This only applies to simulators that didn't lag when they were new and which haven't experienced any hardware or software changes. This is usually a problem with electrical noise on the analog channels which are measured by the control input boards. This can occur when sensors become loose or wear out. The solution in these cases is simply to check all of the electrical connections and re-tighten anything that is loose. Worn out sensors should be replaced. In an ideal world only non-contact sensors would be used however sometimes that's simply not practical and a properly designed system which uses more traditional sensors can still last many years. For major components NexGen always prefers to use non-contact components such as hall effect position sensors and rotary optical encoders.

Software Problems

These days most of the software systems for simulators are quite reliable in that they don't crash or do unexpected things during operations. However there are some concerns.

Simulator bogs down during normal operations

The number one cause of this is an insufficiently powerful computer running the visuals. The second most common is an auxillary process consuming resources

Manufacturers will sometimes test their hardware configurations at a specific airport with specific scenery and then when the customer requests custom scenery it may exceed the limits of what the computer can gracefully handle.

This can be a big problem for operators of simulators which have regulatory approval as a fixed device (vs an "as installed" or "site" approval). In the case of fixed approvals altering the device or it's configuration will void the approval. The only solution other than flying a different scenery location is to upgrade the graphics hardware or turn down the graphics settings and have the device re-approved. NexGen offers flight simulator upgrade and re-approval services for most third party simulators.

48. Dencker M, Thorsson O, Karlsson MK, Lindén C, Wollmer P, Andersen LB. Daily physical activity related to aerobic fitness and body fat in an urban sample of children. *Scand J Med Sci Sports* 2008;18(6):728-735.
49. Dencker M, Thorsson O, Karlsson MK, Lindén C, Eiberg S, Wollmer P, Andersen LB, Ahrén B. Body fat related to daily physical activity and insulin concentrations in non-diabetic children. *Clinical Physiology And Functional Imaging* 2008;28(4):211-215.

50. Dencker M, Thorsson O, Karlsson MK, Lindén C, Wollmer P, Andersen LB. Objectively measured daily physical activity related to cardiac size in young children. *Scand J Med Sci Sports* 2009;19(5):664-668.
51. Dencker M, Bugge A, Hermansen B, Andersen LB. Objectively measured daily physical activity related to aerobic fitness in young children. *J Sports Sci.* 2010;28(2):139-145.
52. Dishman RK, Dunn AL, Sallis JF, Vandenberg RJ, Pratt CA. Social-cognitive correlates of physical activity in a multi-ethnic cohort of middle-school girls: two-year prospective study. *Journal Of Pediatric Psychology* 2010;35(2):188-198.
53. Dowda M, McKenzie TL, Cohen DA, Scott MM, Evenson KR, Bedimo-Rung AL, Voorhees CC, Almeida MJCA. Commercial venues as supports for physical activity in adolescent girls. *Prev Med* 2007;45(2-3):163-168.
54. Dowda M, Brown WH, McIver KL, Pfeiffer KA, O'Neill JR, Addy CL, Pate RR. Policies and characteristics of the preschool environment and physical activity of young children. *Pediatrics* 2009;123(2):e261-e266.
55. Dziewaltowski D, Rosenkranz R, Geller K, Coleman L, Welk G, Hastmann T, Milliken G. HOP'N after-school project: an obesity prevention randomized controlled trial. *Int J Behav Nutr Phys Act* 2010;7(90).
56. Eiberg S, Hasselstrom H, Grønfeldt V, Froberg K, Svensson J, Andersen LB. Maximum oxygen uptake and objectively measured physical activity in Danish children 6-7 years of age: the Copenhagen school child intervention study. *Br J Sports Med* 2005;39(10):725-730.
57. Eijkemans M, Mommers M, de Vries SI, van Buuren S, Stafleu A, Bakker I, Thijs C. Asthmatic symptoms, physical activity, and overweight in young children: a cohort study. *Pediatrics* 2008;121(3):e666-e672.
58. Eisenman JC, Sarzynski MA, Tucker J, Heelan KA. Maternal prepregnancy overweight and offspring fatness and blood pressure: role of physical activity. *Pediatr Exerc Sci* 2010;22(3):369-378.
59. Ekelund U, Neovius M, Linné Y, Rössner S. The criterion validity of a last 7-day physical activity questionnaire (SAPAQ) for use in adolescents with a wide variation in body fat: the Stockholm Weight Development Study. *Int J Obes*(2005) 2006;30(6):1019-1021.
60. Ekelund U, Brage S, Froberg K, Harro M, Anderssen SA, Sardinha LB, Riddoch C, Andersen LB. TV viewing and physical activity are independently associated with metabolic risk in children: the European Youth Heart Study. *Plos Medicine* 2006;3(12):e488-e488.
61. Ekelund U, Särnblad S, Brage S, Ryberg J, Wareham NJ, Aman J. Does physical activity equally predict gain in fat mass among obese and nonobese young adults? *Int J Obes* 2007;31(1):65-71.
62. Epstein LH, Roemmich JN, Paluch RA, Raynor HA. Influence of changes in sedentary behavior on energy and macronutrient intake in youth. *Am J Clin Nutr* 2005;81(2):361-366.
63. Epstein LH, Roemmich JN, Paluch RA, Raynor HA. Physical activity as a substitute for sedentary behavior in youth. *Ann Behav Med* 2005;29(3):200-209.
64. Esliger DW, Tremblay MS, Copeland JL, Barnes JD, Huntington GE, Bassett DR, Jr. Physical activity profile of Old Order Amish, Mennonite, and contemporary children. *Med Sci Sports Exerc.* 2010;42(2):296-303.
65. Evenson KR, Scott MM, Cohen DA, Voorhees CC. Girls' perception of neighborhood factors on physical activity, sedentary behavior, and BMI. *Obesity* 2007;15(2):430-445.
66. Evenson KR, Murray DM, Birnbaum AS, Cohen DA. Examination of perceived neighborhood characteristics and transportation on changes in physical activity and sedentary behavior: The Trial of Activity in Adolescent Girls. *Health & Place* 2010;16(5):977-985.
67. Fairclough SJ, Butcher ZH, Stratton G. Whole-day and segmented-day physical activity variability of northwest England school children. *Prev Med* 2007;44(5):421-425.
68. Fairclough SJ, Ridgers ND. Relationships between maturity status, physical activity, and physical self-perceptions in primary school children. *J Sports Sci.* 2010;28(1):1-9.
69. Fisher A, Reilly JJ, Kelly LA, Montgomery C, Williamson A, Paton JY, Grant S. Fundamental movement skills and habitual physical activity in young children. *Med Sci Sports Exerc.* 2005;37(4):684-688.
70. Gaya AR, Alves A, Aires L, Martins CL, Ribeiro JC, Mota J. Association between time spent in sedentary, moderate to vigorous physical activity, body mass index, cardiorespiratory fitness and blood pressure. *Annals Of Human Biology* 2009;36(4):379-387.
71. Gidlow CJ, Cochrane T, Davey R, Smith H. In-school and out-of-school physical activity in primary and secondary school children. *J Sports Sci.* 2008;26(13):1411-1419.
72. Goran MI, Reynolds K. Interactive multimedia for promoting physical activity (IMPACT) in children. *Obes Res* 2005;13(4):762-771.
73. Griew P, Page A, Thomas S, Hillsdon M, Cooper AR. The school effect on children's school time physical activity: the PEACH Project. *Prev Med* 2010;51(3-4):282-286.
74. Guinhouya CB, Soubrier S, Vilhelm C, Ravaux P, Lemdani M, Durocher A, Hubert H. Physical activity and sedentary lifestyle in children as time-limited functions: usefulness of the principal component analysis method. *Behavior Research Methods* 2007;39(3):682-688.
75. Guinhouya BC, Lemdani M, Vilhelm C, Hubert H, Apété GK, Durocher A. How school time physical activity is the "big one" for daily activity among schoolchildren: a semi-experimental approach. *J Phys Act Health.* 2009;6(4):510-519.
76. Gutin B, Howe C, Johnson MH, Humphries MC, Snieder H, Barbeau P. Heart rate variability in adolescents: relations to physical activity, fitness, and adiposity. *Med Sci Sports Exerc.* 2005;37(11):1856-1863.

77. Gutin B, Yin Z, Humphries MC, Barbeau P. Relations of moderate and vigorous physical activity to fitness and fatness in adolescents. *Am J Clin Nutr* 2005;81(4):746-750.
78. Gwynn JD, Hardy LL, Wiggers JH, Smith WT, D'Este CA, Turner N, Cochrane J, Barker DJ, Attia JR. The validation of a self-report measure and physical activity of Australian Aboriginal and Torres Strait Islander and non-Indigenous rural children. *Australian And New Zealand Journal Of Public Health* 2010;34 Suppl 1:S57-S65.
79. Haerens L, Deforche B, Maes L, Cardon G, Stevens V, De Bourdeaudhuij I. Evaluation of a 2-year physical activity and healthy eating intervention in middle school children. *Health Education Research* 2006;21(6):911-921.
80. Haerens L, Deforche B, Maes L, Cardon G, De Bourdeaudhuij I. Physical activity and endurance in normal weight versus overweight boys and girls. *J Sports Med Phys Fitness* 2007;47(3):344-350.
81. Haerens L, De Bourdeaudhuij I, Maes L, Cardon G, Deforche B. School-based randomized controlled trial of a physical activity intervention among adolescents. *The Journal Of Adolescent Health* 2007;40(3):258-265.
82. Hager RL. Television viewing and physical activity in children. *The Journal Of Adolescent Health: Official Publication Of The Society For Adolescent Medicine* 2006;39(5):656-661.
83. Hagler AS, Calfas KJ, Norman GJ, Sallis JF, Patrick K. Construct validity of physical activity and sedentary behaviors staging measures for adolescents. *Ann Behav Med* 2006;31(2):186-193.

Another problem is that many manufacturers now require the simulator to be connected to the Internet to verify the software licenses and provide remote technical support. Of course being connected to the internet means the machine should have anti-virus software installed. If the simulator begins a scan mid-flight then the simulator will generally bog down unacceptable. The solution is to simply schedule the scans to only happen during times when the simulator isn't in use.

Scenery blinks in and out of existence

Do you have trees and buildings that just vanish can come back? This is usually the result of the visual engine detecting a glut of polygons in the scenery and culling them to maintain the frame rate. The same advice as for the bogging down section applies.

  1. They also generally have service and maintenance agreements which cover most of these problems. NexGen Simulation also offers service and maintenance agreements for our simulators. 

  2. That's assuming a busy flight simulator 12 hours per day, 6 days per week, 50 weeks per year; and any car driving that much is doing highway transport and averaging 45 miles (72km) per hour. In reality many simulators are booked 24 hours a day 7 days a week with the only down time being for service and major holidays.